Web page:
Okay, you’re right. State-enforced atheism for all. Round up all those religious folks and stick them into camps.

Seriously, you’re asking me to explain why freedom of religion is a good thing?

That’s not exactly what Mme. Marois is proposing. It appears she only wants to ban non-Christian symbols. Which is consistant with making Christianity the official religion of Quebec, not with secularism.

That’s the problem–some people don’t see banning the expression of religion in public as being against the concept of freedom of religion. It’s kinda the “Don’t Ask Don’t Tell” variety of religious tolerance. It’s big in France, for sure.

Curious, Is it only Crucifixes allowed, or are Protestant unadorned crosses allowed to?

Apparently so.

The law is just about the vilest, most cynical thing a Canadian political party has put forth in the last fifty years.

While there’s little doubt Pauline Marois is a ferocious racist in an inherently racist party, the intent of the law really isn’t bigotry; it’s meant to be shot down by the courts. They’re quite open in their intent to pick battles with the courts and the federal government they will probably lose, so that they can say “look, federalism doesn’t work.” The PQ is the Republican Party of Quebec; they want to make government not work to convince people to change it.

My first thought was “criss de cunt!”. She seems to argue that because something is linked to Quebec heritage, it isn’t a religious symbol. Wtf?

It’s too bad the PQ is down to using this sort of thing. Perhaps they’re afraid of other smaller parties being even more nationalistic.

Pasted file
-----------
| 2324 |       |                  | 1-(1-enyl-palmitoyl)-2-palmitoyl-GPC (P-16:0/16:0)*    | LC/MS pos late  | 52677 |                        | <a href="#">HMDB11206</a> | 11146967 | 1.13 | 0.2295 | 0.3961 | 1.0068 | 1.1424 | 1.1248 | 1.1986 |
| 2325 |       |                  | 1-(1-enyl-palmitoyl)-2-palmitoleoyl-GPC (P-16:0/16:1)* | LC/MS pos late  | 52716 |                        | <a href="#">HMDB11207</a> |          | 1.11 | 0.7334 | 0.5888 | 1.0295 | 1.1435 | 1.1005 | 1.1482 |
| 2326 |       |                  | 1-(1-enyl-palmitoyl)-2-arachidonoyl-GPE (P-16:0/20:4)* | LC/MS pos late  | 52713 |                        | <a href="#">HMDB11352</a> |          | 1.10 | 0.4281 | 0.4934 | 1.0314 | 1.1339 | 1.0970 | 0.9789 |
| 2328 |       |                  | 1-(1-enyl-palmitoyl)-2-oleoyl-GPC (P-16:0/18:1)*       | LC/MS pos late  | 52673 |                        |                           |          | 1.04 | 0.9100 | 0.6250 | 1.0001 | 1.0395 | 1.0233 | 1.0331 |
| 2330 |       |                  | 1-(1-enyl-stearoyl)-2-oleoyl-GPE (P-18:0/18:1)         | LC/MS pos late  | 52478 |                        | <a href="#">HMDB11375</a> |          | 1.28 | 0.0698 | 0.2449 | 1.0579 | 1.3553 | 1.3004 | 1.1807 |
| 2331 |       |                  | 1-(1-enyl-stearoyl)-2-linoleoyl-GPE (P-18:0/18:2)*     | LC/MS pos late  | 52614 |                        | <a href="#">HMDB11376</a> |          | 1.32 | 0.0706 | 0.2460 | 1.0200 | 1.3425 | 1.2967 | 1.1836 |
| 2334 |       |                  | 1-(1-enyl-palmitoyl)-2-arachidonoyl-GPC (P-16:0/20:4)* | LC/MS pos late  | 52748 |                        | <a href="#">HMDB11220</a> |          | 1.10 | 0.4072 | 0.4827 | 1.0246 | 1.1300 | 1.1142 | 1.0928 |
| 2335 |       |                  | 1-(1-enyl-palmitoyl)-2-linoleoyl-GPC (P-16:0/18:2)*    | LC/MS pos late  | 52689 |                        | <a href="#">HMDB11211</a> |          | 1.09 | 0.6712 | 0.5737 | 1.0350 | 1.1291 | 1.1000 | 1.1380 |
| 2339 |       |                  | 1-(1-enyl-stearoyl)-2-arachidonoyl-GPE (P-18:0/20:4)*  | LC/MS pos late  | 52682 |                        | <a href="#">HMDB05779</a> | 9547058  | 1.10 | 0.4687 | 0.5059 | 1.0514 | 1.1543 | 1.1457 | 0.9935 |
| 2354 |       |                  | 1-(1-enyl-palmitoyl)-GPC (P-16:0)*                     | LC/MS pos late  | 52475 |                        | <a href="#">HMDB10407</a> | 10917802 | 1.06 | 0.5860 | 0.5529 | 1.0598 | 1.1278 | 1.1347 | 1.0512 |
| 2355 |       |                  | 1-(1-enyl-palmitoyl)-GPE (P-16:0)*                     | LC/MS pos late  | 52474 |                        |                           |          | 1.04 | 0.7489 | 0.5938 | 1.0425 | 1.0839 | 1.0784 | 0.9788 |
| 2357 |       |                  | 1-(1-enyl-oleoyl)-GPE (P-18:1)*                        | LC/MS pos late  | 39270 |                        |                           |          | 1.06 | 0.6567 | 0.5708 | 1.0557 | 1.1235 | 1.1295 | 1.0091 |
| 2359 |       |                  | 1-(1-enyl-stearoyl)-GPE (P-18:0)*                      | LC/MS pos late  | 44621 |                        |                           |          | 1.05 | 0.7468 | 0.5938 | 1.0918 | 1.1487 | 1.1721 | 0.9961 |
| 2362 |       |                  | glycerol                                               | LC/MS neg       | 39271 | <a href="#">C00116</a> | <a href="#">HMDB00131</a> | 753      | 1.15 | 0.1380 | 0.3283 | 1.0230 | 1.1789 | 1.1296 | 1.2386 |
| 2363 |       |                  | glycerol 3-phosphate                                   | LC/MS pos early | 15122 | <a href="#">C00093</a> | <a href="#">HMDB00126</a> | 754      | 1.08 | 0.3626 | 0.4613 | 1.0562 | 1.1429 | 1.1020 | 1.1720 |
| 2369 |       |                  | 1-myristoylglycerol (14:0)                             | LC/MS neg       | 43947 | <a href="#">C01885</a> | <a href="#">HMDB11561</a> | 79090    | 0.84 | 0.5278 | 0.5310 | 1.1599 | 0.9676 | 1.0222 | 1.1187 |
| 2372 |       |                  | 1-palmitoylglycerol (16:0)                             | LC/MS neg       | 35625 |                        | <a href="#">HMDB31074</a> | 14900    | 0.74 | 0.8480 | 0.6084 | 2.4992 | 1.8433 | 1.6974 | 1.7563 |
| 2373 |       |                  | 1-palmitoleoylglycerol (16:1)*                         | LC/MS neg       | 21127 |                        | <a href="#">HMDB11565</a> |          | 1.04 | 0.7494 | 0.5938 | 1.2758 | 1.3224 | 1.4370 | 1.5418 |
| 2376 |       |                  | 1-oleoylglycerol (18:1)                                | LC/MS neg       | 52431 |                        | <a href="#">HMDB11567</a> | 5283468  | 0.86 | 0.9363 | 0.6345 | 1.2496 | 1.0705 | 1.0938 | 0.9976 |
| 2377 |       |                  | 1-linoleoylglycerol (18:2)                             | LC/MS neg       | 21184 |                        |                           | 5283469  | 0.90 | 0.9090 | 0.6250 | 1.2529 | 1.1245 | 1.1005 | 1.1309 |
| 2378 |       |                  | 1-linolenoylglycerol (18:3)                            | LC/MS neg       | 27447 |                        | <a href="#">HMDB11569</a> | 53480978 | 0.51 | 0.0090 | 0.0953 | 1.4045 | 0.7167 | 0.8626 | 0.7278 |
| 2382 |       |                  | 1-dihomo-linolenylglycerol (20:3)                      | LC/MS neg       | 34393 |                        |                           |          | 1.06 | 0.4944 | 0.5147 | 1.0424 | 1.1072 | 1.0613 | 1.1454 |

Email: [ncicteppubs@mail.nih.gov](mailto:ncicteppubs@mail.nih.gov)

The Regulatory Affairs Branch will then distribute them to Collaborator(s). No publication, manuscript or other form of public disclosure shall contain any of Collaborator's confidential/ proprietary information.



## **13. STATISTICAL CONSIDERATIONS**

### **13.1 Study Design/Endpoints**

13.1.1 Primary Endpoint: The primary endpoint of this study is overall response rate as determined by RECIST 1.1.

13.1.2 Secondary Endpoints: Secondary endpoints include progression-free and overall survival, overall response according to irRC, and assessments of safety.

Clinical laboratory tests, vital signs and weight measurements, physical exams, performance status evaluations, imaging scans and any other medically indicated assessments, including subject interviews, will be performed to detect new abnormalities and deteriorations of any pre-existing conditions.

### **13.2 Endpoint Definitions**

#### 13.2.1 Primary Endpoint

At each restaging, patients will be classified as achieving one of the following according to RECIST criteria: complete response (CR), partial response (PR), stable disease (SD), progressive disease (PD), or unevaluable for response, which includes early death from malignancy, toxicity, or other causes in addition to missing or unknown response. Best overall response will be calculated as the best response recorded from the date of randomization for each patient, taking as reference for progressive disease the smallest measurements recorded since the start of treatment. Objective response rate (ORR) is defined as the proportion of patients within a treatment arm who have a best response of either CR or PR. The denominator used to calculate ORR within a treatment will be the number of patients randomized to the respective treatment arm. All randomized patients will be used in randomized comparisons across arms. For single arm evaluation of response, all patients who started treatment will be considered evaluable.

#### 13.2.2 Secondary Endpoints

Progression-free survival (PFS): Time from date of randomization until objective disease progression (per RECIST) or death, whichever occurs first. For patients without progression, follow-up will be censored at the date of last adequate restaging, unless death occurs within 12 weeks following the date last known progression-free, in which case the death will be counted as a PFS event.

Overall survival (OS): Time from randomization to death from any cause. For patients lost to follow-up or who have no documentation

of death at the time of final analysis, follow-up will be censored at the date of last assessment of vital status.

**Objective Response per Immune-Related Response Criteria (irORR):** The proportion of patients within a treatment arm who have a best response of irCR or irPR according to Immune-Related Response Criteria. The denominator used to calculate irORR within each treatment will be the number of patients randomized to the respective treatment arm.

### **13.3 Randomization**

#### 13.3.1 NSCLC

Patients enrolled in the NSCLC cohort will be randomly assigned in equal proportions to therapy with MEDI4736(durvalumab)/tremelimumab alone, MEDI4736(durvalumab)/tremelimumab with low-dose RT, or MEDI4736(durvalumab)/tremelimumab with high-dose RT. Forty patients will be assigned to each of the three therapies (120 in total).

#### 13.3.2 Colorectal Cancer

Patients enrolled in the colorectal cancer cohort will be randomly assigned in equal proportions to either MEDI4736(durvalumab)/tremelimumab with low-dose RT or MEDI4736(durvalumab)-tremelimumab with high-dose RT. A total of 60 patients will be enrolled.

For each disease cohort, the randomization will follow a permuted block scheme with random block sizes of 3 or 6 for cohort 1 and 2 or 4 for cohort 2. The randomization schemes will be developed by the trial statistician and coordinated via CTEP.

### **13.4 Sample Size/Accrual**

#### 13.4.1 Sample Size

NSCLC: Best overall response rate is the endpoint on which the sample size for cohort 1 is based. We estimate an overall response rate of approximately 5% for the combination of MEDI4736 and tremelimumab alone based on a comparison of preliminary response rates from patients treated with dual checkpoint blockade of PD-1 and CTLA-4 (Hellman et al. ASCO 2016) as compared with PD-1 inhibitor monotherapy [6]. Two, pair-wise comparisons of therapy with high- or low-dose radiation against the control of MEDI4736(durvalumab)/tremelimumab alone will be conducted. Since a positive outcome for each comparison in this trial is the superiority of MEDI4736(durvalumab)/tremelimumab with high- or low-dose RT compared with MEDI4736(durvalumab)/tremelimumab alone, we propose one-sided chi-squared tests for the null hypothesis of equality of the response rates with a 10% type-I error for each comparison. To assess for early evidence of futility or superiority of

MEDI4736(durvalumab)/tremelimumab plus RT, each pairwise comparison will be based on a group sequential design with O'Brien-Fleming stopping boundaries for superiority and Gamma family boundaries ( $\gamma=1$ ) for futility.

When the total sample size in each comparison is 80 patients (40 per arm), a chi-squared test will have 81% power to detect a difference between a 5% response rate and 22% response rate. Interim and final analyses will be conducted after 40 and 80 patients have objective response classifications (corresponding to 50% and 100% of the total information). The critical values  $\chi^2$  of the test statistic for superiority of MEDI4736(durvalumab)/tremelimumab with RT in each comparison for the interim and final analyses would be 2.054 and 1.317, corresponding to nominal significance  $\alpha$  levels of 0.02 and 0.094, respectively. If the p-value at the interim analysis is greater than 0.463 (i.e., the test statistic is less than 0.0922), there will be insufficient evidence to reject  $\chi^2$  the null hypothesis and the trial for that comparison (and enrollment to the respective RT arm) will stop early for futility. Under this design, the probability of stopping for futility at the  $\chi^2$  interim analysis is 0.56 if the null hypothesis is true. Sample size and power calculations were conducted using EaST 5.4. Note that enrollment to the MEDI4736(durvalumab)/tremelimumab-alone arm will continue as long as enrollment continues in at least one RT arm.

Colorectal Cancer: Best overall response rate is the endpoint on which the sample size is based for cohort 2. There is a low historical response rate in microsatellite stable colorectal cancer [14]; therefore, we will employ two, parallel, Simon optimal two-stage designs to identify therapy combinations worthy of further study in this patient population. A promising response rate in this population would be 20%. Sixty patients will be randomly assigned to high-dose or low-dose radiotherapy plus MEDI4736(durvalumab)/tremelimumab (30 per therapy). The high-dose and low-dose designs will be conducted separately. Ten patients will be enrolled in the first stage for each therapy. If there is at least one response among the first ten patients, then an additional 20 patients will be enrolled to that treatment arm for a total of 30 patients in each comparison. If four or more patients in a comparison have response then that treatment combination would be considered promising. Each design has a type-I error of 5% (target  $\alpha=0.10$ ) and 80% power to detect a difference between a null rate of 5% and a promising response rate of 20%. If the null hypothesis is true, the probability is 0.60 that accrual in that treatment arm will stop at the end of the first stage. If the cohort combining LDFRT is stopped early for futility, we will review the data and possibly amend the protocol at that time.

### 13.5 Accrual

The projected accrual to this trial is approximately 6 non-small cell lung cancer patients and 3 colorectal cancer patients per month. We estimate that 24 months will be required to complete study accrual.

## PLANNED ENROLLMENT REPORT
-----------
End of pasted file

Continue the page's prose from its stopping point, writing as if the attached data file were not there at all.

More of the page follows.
I’m not sure the PQ is inherently racist. It is nationalist. The concept of a nation can either be based on ethnicity or citizenship and without an independent country, there is no citizenship which only leaves ethnicity as a basis for the nation as long as it doesn’t have an independent country.

It is doubtless that there are racist elements and in this case, they seem to be going strong. It is the party of nonracist nationalists, racist nationalists, certain kinds of social democrats, labourites, commies and whiny students.

Just found this:
A PQ candidate says that they will not legislate according to the opinions of Canadian judges but according to Quebecers’ interests.

Did I miss a link somewhere?

If the charter included crucifixes as well as everything else, and was only intended for public employees during working hours, I would be totally ok with it.

I could also see extending it to candidates for public office at any official campaign events.

First, get your proper sexist slur. It is not "criss de cunt’, it is “criss de plotte”. :smiley:

(bolding mine)
There are hardly any members of the left that are still in the PQ since the mid-80s, when they decided that power was more important than doing the right thing and welcomed with open arms and excessive back-leaning the remaining right wing nationalists.

It’s like she’s entirely forgotten what the Quiet Revolution was all about. If there’s one person in this province unworthy of any respect whatsoever, it’s Pauline F. Marois. I really wish she’d just go away already.

“Plotte” is no good and I never use it. I use “cunt” because it’s a great sound for an insult.

Are you saying that the FTQ and CSN (major labor federations) are not chiefly aligned with the PQ? It can hardly be with the other major parties.

What are the elements do you dislike about her?

Seriously, you’re using reductio ad absurdem to respond? I’m merely endulging in a thought exercise. I believe that if the tenets of your religion require you to carry, say, a knife or wear specific head coverings like the Sikhs or certain Muslim sects and it has no safety implications ( being caught in machinery, using ppe, or working as a corrections officer would be examples off the top of my head) then get your freak on.

However, if you are a representative of a secular organization (I’m thinking primarily about government positions here), overtly displaying religious icons/garb/artifacts is inherently contradictory, is it not?

Ms. Marois stance is, as noted above, xenophobic and extremely offensive. It certainly does make for good news fodder, though.